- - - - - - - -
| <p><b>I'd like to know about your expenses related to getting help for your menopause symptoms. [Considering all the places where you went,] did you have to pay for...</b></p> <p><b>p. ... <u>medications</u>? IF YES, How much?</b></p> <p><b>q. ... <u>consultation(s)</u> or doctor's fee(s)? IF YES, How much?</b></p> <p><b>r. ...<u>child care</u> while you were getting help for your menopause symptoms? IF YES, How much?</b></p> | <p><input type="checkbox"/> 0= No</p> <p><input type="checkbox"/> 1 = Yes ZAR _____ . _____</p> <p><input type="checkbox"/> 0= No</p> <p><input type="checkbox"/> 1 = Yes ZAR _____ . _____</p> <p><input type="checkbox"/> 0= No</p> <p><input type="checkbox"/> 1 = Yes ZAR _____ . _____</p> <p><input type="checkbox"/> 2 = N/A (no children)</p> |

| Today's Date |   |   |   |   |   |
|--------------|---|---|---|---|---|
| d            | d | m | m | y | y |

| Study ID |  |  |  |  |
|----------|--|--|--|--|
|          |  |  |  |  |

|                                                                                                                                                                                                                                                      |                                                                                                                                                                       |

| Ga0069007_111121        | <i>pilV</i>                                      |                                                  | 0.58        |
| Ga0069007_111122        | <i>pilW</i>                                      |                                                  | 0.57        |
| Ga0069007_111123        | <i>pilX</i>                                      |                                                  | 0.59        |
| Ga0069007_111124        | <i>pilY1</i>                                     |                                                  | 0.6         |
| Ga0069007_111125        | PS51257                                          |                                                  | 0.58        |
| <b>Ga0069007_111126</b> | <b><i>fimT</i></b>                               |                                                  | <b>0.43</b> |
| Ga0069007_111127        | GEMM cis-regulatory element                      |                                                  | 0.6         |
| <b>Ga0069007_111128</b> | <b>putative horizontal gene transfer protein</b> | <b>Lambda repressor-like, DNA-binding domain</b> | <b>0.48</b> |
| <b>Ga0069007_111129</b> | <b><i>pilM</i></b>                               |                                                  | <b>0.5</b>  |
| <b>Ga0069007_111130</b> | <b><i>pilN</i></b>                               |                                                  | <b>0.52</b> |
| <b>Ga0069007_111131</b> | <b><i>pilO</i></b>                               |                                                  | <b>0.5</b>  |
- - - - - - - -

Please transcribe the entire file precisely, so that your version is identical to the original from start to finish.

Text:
| <p><b>I'd like to know about your expenses related to getting help for your menopause symptoms. [Considering all the places where you went,] did you have to pay for...</b></p> <p><b>p. ... <u>medications</u>? IF YES, How much?</b></p> <p><b>q. ... <u>consultation(s)</u> or doctor's fee(s)? IF YES, How much?</b></p> <p><b>r. ...<u>child care</u> while you were getting help for your menopause symptoms? IF YES, How much?</b></p> | <p><input type="checkbox"/> 0= No</p> <p><input type="checkbox"/> 1 = Yes ZAR _____ . _____</p> <p><input type="checkbox"/> 0= No</p> <p><input type="checkbox"/> 1 = Yes ZAR _____ . _____</p> <p><input type="checkbox"/> 0= No</p> <p><input type="checkbox"/> 1 = Yes ZAR _____ . _____</p> <p><input type="checkbox"/> 2 = N/A (no children)</p> |

| Today's Date |   |   |   |   |   |
|--------------|---|---|---|---|---|
| d            | d | m | m | y | y |

| Study ID |  |  |  |  |
|----------|--|--|--|--|
|          |  |  |  |  |

|                                                                                                                                                                                                                                                      |                                                                                                                                                                       |

| Ga0069007_111121        | <i>pilV</i>                                      |                                                  | 0.58        |
| Ga0069007_111122        | <i>pilW</i>                                      |                                                  | 0.57        |
| Ga0069007_111123        | <i>pilX</i>                                      |                                                  | 0.59        |
| Ga0069007_111124        | <i>pilY1</i>                                     |                                                  | 0.6         |
| Ga0069007_111125        | PS51257                                          |                                                  | 0.58        |
| <b>Ga0069007_111126</b> | <b><i>fimT</i></b>                               |                                                  | <b>0.43</b> |
| Ga0069007_111127        | GEMM cis-regulatory element                      |                                                  | 0.6         |
| <b>Ga0069007_111128</b> | <b>putative horizontal gene transfer protein</b> | <b>Lambda repressor-like, DNA-binding domain</b> | <b>0.48</b> |
| <b>Ga0069007_111129</b> | <b><i>pilM</i></b>                               |                                                  | <b>0.5</b>  |
| <b>Ga0069007_111130</b> | <b><i>pilN</i></b>                               |                                                  | <b>0.52</b> |
| <b>Ga0069007_111131</b> | <b><i>pilO</i></b>                               |                                                  | <b>0.5</b>  |